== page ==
It sounds pretty obvious, but before you even start searching Snowcovered, you need to capture the key requirements. Don't forget that what your client is asking for may not be want they want and probably isn't what they need.

• Brainstorm all of the key requirements

• Categorise them: features that are essential, and those which are nice to have.

• Consider where the module will be used; on what pages and how do you want it to look. Does it need to tuck neatly into a narrow column, or is something full width acceptable?

• What will it be used for? For example the most popular use of the FAQ module is to create nice lists of expandable content to save on screen real estate - not to help users find answers.

• Who will be using it and what will be their technical level?

Search Snowcovered for ideas and shortlist. Think laterally, as modules may be categorised or labelled differently from what you would expect. For example, you will find many 'Form' modules provide survey functionality.

Look more widely. Go and ask the DNN community on the DNN forums or on Twitter (hashtags #DNN, #DotNetNuke) if they know of any modules that can help. Some developers don't list on Snowcovered - For example Ventrian Systems has excellent news and document management modules - but doesn't sell them directly on Snowcovered.


Assuming that you are in business for the long haul, you should favour modules from developers who are committed to continually improving their products and who’ll be upgrading their modules as DNN evolves. It’s a hard conversation with a client when you have to pull a module that used to work because the back end is upgrading.


• The ratings and feedback they have received on Snowcovered

• How long they have been in business?

• Are they a professional developer or a hobbyist?

• How many modules have they produced?

• Are they continually issuing new versions and improving existing products?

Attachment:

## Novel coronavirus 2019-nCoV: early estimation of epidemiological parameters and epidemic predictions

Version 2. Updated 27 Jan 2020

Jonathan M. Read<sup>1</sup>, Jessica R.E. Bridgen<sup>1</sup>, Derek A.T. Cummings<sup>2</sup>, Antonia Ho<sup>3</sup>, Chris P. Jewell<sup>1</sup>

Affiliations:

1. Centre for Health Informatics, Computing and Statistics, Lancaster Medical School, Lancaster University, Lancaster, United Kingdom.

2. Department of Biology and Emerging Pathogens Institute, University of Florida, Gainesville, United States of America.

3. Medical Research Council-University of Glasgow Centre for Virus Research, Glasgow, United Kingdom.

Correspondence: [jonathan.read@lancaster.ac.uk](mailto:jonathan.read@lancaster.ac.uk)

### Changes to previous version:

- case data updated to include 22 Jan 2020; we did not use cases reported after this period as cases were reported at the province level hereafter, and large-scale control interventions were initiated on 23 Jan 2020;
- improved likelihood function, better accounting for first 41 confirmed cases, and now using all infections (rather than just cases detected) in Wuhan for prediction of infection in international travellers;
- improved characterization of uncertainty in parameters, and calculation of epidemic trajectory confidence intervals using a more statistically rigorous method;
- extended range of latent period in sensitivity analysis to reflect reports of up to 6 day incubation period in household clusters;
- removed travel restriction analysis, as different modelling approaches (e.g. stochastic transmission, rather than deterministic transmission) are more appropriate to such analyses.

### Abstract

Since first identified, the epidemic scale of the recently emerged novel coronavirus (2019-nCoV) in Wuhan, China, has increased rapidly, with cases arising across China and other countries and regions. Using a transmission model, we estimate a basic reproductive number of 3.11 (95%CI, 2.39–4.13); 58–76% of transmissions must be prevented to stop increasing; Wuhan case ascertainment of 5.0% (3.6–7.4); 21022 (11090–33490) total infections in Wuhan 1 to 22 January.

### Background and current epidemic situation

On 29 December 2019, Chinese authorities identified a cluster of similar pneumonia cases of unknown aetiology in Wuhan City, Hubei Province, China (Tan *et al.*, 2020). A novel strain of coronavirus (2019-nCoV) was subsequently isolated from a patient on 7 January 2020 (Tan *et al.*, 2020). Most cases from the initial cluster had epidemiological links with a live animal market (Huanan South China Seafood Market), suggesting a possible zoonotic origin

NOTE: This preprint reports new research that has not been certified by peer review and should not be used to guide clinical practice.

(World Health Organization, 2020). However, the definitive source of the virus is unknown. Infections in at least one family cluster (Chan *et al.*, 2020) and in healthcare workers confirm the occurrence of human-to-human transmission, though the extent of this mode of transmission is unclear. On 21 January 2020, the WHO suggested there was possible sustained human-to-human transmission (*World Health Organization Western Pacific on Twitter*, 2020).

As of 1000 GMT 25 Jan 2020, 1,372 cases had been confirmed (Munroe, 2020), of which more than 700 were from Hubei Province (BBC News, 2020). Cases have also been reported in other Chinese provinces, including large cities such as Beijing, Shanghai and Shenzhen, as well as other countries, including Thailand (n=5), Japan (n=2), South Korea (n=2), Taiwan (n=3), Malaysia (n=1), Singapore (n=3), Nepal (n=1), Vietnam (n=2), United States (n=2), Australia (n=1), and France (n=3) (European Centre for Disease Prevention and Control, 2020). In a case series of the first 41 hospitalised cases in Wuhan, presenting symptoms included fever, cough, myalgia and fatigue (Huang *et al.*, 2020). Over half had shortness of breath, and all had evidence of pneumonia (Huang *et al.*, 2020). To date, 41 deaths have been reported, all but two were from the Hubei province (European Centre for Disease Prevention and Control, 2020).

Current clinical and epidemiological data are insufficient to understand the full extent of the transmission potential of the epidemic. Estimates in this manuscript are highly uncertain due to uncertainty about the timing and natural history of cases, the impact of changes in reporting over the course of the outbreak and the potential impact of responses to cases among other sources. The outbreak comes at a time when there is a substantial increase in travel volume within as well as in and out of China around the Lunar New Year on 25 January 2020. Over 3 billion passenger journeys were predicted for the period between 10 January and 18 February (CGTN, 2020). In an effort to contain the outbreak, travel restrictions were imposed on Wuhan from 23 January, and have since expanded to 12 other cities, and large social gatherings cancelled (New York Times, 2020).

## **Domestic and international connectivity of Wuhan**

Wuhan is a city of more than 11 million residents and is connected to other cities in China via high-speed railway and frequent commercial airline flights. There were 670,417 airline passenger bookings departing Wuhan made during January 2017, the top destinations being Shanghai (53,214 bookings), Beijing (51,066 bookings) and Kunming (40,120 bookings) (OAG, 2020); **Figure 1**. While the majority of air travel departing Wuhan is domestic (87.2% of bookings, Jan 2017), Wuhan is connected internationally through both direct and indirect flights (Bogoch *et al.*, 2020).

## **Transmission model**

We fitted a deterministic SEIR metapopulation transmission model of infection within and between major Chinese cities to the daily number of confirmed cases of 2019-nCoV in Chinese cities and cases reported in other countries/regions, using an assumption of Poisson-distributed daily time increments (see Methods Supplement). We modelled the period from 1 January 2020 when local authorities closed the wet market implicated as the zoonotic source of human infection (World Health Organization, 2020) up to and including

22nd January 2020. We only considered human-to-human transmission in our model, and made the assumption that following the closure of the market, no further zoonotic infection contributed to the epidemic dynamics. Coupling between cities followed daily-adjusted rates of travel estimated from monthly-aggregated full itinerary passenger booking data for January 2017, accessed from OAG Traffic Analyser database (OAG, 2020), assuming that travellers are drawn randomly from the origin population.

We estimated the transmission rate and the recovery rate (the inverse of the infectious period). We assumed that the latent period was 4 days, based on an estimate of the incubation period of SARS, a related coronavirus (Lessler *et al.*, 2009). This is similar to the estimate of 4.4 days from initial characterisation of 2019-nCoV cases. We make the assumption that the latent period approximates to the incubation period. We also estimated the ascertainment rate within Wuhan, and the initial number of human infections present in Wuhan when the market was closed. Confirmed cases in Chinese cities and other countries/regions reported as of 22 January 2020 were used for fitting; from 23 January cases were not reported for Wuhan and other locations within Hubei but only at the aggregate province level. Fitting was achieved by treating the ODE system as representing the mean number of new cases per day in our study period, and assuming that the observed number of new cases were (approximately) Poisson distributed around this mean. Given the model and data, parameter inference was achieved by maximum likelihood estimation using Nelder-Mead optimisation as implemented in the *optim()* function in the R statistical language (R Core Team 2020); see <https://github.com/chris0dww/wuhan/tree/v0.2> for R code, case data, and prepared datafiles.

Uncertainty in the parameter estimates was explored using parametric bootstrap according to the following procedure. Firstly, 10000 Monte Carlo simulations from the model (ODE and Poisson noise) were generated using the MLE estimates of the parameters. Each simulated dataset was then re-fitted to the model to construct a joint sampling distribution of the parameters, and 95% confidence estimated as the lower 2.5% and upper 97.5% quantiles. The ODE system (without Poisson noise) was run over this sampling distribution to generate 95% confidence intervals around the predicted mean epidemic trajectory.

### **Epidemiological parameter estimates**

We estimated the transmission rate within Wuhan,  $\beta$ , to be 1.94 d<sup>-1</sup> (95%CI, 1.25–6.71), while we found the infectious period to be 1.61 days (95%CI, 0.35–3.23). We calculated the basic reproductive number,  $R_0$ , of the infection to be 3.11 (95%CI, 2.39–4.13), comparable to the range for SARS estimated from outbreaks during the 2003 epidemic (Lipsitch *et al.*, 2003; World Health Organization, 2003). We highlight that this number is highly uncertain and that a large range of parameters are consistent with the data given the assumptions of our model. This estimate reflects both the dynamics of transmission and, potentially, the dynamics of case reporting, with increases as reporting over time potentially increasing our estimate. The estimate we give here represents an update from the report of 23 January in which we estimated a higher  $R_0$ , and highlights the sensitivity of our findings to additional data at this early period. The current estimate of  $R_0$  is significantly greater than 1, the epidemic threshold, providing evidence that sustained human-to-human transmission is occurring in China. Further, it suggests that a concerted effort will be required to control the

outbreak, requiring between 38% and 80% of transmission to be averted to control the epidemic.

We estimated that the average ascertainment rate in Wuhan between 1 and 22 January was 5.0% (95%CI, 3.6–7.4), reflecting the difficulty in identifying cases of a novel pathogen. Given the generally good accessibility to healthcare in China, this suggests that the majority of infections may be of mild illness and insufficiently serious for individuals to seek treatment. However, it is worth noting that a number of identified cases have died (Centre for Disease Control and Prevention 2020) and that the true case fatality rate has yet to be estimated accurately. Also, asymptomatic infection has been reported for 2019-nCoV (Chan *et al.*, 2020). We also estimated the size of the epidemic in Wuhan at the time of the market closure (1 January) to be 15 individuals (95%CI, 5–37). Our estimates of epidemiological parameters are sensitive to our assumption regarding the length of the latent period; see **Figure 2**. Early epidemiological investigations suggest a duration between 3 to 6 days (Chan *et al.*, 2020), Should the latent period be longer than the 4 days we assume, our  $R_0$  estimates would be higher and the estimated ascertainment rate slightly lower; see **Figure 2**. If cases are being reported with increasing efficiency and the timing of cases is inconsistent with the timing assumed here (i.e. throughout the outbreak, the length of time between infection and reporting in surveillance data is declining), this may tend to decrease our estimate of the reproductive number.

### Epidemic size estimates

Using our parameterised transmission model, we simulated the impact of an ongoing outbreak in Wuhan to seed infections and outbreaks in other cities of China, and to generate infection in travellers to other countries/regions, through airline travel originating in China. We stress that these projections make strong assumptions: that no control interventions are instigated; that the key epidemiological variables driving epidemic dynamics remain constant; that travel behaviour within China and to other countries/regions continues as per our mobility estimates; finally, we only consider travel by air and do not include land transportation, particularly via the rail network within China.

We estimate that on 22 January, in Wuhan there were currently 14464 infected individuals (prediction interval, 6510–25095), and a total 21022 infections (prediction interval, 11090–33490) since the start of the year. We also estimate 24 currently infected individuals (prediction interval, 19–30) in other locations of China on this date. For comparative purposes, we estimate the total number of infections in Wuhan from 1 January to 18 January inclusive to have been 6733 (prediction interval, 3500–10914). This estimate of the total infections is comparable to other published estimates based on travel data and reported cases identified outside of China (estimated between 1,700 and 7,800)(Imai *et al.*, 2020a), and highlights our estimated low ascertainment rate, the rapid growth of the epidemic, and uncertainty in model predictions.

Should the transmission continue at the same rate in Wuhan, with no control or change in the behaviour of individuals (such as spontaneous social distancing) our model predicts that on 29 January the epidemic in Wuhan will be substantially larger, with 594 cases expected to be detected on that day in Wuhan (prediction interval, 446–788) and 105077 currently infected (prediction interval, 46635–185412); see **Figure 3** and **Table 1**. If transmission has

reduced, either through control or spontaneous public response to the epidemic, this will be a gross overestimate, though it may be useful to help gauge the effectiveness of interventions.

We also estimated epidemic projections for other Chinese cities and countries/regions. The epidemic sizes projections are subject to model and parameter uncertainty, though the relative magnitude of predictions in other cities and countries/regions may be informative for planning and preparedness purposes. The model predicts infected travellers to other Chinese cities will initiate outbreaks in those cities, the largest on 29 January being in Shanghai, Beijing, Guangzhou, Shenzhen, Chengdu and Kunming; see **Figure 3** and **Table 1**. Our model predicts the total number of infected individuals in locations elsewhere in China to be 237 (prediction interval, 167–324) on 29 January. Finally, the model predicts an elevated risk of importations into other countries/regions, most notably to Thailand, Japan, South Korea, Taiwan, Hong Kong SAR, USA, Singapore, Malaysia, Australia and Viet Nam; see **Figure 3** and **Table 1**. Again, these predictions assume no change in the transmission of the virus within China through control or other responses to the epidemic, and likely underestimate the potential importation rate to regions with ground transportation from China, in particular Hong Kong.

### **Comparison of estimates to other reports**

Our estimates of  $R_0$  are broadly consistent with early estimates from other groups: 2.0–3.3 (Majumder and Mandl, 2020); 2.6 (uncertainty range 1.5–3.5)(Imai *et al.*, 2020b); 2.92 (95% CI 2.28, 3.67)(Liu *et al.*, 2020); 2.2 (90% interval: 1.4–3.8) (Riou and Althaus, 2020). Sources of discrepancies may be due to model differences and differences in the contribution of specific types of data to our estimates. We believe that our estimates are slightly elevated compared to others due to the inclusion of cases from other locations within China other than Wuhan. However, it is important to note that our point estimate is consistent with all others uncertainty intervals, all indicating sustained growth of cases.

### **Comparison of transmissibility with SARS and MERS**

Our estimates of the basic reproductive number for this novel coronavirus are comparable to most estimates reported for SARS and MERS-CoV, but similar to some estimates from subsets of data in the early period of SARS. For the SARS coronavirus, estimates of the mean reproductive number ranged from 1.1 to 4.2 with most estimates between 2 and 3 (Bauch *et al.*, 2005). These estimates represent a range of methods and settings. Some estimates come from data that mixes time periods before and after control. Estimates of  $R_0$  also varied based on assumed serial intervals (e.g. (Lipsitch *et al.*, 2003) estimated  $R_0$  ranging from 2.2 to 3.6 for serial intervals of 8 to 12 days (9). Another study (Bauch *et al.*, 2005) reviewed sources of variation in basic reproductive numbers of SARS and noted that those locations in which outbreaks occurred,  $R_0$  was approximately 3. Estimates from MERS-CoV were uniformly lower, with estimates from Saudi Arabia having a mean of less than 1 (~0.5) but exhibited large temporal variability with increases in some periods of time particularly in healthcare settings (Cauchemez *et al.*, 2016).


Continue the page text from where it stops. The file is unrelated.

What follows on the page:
• Is there an on-line demo you can play with or a library of screen shots?


• Is there a forum?

• Is there a help desk system/tickets? (if they sell through Snowcovered, then you'll be able to raise tickets through them)

• Is there a user guide or training available?


• What is the balance of complexity versus functionality - does it do what you need it to do? Does it do too much which makes it hard to use?

• Will your end user be able to manage it or does it require 'super user' or 'mega user' skills?

• Search web and DNN for references to the module (or module category) for any compliments or complaints.

Twitter the question (with hashtags #DNN and #DotNetNuke) to see if anyone has any experience with the module.

• Is there a trial version available?


• Does it look good?

• Look at the module.css file - does it have custom styles and colours that aren't overloaded by your skins?

• Does the module offer template functionality under module settings to allow you to change the layout? Can you change the default template that's available to users?


• When the module is installed in DeskTopModules does the module folder name have a "." (e.g. "\desktopmodules\BigShot.Developer" ) in the folder install path? If you are going to run this in an older network envirnment your CSS and javascript files may not load in the client browser.

• Are you running this in a a multi-portal environment? Test it within a number of children - some developers don't cater for Portal IDs.

• Consider browser compatibility, XHTML compliance and accessibility requirements and test against the W3C validation tools.

• Does the module have .resx files for localisation? Whilst you may not be looking to add other languages, if the developer's first language is not English, you may want to clean up some of the module's labels.

• If design (styles etc) is hard coded in a DLL it makes it impossible to clean up later.